In 1993, Baltimore defense attorney William H. "Billy" Murphy Jr. had no trouble convincing Anne Arundel Circuit Court Judge Bruce C. Williams to release his client Pamela Snowhite Davis from prison while she appealed her conviction for marijuana possession.
"There is a sense of proportionality we have all learned that is lost up there. . . . This isn't Carroll County. This is America," Mr. Murphy said.
Jonathan T. Jarboe, a 23-year-old black resident of Westminster, is a recent recipient of Carroll County's special brand of criminal justice.
Arrested as a suspect in the armed robbery of $150 from a pizza delivery man, Mr. Jarboe had to wait 395 days -- of which 179 were spent in jail -- before the county state's attorney's office eventually dropped the charges against him.
From the beginning, it was quite clear that prosecutors built the case on a bed of sand. They were relying heavily on the testimony of Angela Bailey, the suspect's former girlfriend, who told police that he had boasted of committing the crime. There was one problem with her testimony: While she would finger Mr. Jarboe for the police, Ms. Bailey made it very clear that she would not testify in court.
Prosecutors had another big problem. The victim could not identify Mr. Jarboe. Nonetheless, Carroll's intrepid prosecutors brought charges against him.
Mr. Jarboe was jailed Oct. 14, 1993, after failing to post the $50,000 bail. Originally, the case was to have been tried in District Court, but Barton F. Walker III, the assistant state's attorney handling the case, presented it to the grand jury.
Between the time of Mr. Jarboe's indictment -- Nov. 4, 1993 -- and the time prosecutors dropped charges against him -- Nov. 14, 1994 -- there were at least three occasions when judges should have questioned the prosecutor's ability to proceed with this case.
L The first occurred April 18, 1994, the day before the trial.
Mr. Walker notified Circuit Court Judge Raymond Beck Sr. that Ms. Bailey could not be located and asked for a postponement.
Judge Beck, as is his practice, sided with the prosecutors and delayed the case. At this point, Mr. Jarboe, still an innocent man under the law, had spent 118 days in jail.
The second opportunity came May 11, when the state asked for a waiver of Maryland's Hicks rule, which requires that criminal defendants be tried within 180 days after their attorneys appear in court.
Rather than hold a hearing on whether sufficient reason existed to postpone the case, Judge Beck ruled in favor of the prosecutors.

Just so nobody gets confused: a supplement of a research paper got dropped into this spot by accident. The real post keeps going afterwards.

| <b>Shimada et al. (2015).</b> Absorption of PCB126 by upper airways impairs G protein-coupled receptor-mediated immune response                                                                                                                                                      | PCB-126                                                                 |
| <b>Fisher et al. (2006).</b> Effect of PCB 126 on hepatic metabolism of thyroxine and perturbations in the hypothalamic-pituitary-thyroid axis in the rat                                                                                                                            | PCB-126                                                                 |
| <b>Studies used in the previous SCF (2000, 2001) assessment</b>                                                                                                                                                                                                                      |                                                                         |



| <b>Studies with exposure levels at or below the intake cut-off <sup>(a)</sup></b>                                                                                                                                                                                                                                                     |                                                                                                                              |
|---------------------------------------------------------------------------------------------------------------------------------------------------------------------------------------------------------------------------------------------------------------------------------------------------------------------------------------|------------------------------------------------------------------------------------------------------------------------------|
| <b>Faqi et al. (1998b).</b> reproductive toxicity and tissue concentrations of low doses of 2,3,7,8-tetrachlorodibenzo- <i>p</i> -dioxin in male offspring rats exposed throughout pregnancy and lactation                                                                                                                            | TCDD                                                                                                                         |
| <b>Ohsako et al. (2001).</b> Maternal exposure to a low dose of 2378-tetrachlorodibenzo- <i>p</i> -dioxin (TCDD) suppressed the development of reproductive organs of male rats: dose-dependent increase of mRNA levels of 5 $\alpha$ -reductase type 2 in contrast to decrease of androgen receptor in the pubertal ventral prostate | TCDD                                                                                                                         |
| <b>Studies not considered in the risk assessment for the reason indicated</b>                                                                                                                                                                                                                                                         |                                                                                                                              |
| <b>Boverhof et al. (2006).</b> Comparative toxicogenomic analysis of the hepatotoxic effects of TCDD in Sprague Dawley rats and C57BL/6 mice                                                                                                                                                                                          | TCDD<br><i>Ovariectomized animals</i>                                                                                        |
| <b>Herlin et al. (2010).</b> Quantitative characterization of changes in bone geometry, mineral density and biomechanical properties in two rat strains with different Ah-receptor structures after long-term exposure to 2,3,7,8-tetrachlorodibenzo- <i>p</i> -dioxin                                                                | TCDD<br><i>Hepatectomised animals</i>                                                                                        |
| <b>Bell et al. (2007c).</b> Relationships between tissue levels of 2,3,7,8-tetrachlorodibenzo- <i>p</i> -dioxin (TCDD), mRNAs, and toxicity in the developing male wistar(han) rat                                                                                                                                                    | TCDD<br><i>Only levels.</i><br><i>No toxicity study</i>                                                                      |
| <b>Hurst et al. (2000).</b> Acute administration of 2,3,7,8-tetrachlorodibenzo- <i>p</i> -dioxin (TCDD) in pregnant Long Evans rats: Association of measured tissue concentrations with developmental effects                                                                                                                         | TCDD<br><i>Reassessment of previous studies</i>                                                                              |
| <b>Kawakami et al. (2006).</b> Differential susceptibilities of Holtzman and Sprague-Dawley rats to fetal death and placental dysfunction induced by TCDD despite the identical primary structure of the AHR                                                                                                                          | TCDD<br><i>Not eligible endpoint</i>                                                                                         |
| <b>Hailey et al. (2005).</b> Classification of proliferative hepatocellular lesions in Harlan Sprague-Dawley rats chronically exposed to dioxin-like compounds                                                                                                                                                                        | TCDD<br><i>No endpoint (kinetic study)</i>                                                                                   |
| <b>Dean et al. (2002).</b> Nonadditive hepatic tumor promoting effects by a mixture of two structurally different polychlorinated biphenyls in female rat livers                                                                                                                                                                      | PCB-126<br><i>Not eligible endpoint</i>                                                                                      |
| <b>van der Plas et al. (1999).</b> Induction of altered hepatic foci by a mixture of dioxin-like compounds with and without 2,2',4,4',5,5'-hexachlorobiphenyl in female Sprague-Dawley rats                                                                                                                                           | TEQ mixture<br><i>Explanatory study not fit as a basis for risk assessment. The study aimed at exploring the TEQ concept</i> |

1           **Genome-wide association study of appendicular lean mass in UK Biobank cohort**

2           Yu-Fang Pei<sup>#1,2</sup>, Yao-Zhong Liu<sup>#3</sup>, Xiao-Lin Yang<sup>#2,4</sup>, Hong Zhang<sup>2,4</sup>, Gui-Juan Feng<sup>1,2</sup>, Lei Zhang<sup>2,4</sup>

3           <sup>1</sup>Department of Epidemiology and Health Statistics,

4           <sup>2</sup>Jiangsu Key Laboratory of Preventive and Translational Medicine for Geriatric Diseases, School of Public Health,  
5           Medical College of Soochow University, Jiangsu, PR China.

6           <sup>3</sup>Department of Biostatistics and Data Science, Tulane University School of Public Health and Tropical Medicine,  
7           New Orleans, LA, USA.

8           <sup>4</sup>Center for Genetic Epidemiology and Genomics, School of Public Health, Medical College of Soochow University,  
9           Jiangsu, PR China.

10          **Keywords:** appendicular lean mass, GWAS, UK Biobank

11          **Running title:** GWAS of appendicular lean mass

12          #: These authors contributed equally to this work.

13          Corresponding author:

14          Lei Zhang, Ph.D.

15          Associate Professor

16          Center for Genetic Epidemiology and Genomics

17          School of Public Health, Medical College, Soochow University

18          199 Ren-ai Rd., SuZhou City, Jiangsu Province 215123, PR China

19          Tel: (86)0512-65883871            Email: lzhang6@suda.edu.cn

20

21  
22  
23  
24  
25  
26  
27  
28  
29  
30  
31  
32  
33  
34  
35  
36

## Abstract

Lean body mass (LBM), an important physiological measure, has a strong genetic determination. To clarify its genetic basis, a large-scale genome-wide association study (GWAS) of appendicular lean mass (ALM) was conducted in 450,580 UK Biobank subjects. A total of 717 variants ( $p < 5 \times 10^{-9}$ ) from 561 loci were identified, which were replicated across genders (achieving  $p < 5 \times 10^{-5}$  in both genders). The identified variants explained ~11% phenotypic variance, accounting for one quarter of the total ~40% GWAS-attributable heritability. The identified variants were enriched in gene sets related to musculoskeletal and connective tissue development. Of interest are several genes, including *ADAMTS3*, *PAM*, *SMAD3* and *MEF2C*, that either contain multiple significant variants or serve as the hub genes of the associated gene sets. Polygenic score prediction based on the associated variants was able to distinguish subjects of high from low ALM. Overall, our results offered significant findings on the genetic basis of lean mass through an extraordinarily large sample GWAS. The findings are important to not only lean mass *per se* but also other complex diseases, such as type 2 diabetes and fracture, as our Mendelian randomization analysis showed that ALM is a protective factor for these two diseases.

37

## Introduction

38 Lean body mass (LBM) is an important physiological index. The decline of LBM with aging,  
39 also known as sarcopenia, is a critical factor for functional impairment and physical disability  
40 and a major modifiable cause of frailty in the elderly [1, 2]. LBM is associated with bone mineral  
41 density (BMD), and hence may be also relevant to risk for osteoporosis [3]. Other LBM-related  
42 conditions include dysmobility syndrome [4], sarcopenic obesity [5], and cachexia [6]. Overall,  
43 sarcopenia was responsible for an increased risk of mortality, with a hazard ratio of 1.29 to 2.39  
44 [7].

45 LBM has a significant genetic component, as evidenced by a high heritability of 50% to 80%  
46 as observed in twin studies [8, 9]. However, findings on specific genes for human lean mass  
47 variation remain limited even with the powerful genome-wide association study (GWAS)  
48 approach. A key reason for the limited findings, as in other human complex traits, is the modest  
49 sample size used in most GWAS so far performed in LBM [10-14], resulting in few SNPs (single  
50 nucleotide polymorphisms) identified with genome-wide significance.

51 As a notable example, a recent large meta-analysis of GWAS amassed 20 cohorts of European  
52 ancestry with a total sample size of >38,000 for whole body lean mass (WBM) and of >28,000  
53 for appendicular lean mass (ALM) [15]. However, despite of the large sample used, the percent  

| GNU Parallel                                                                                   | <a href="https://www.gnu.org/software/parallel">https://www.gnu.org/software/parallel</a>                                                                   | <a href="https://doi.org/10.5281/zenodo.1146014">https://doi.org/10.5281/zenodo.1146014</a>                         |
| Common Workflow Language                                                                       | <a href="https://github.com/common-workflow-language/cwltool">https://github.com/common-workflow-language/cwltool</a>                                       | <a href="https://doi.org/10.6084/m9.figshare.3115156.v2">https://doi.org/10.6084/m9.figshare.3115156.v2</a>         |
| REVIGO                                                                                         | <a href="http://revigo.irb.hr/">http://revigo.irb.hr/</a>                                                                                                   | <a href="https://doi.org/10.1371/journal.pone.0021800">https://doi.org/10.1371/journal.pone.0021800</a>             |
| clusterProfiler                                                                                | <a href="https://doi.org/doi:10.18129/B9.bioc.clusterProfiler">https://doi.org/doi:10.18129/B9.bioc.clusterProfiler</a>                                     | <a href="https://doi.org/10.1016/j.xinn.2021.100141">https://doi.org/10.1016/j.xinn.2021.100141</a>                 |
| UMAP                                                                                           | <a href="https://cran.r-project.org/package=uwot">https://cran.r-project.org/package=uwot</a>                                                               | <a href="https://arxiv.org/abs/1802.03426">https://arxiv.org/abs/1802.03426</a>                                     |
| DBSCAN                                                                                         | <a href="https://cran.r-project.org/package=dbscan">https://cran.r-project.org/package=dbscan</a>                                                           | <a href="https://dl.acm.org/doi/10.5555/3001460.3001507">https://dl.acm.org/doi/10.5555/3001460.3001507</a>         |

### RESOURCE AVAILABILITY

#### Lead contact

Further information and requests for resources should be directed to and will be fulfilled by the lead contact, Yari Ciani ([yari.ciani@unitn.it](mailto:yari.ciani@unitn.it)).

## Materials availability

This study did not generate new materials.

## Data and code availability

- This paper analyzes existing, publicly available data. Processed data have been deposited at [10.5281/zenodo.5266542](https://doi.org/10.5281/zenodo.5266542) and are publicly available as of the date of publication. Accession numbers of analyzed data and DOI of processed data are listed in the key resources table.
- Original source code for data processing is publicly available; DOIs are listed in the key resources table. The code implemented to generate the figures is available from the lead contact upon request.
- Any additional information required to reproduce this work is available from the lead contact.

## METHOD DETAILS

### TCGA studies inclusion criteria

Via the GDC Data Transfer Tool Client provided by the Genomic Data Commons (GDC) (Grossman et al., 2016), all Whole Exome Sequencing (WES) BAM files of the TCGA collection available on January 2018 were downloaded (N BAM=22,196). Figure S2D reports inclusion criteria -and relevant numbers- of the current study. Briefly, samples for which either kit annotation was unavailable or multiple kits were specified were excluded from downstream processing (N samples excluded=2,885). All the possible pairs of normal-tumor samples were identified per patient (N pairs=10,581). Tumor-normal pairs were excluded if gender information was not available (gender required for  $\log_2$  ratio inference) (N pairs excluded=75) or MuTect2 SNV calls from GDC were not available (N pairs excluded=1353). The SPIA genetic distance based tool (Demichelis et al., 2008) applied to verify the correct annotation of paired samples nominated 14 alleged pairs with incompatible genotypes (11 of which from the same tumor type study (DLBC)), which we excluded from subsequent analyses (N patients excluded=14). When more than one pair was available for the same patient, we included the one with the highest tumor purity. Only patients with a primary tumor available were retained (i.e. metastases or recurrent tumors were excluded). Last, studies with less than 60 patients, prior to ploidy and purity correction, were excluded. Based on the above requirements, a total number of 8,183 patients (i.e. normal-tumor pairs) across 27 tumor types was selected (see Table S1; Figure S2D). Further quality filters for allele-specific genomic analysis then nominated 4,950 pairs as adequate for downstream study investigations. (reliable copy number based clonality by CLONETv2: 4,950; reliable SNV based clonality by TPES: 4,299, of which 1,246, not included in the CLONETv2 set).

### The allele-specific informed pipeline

By this time, the state accused Mr. Jarboe of intimidating Angela Bailey. Even though Ms. Bailey had indicated from the beginning that she would not testify in court, Mr. Walker had no trouble convincing Judge Beck that she had failed to appear because of Mr. Jarboe's alleged threats. Because witness intimidation is a serious charge, bail was set at $500,000.
It is interesting to note that on June 24, 1994, when a hearing was held to consolidate the charges of robbery and intimidating a witness, Judge Beck revealed the extent to which the deck is stacked against defendants in Carroll County.
Ruling in favor of consolidating the cases, Judge Beck said: "The separate offenses are unquestionably linked by a common motive." Even though the burden of proof rests on the prosecution, Judge Beck willingly accepted its allegations as fact.
Mr. Jarboe languished in jail until July 7, 1994, the second scheduled trial date. It was also was the third opportunity for an impartial judge to force the prosecution to try the case.
But Circuit Court Judge Francis Arnold acquiesced to the prosecution's demands for yet another postponement. Again, it was because Ms. Bailey, the prosecution's main -- and apparently only -- witness, did not show.
By now it was clear Mr. Walker might be as responsible as Mr. Jarboe for Ms. Bailey's going into hiding. To bolster its contention that Mr. Jarboe was responsible for intimidating Ms. Bailey, Mr. Walker entered an undated note Ms. Bailey allegedly sent to her parents.
"It's sad to see that this is really how this country operates and sad that a------- like Bart Walker are in office. . . . but hopefully someday Bart will rot in hell and I can come home," she also wrote in the note. Considering the vehemence of those words, Judge Arnold would have been justified in asking whether there was any prospect of Ms. Bailey testifying. Unfortunately, Judge Arnold never asked that question.
Instead, he granted the state another postponement. He also kept Mr. Jarboe in jail. Even though Mr. Jarboe had yet to be convicted of any crime, he had spent 154 days in jail -- almost one day for every dollar he allegedly had stolen.
At a subsequent hearing, Mr. Walker admitted that Mr. Jarboe could not have made an intimidating phone call from the jail because he was nowhere near the phone.
In October, Martha Ann Sitterding, Mr. Jarboe's public defender, filed a motion to dismiss the charges for lack of prosecution. Once again, Judge Beck sided with the prosecution. The trial was set for Nov. 14.
Mr. Jarboe showed up for trial. Mr. Walker didn't appear but sent a note saying the state was dismissing the charges. An innocent man, Mr. Jarboe had spent 179 days in jail.
Only in Carroll County could this failure of due process have been tolerated.
Brian Sullam is The Baltimore Sun's editorial writer in Carroll County.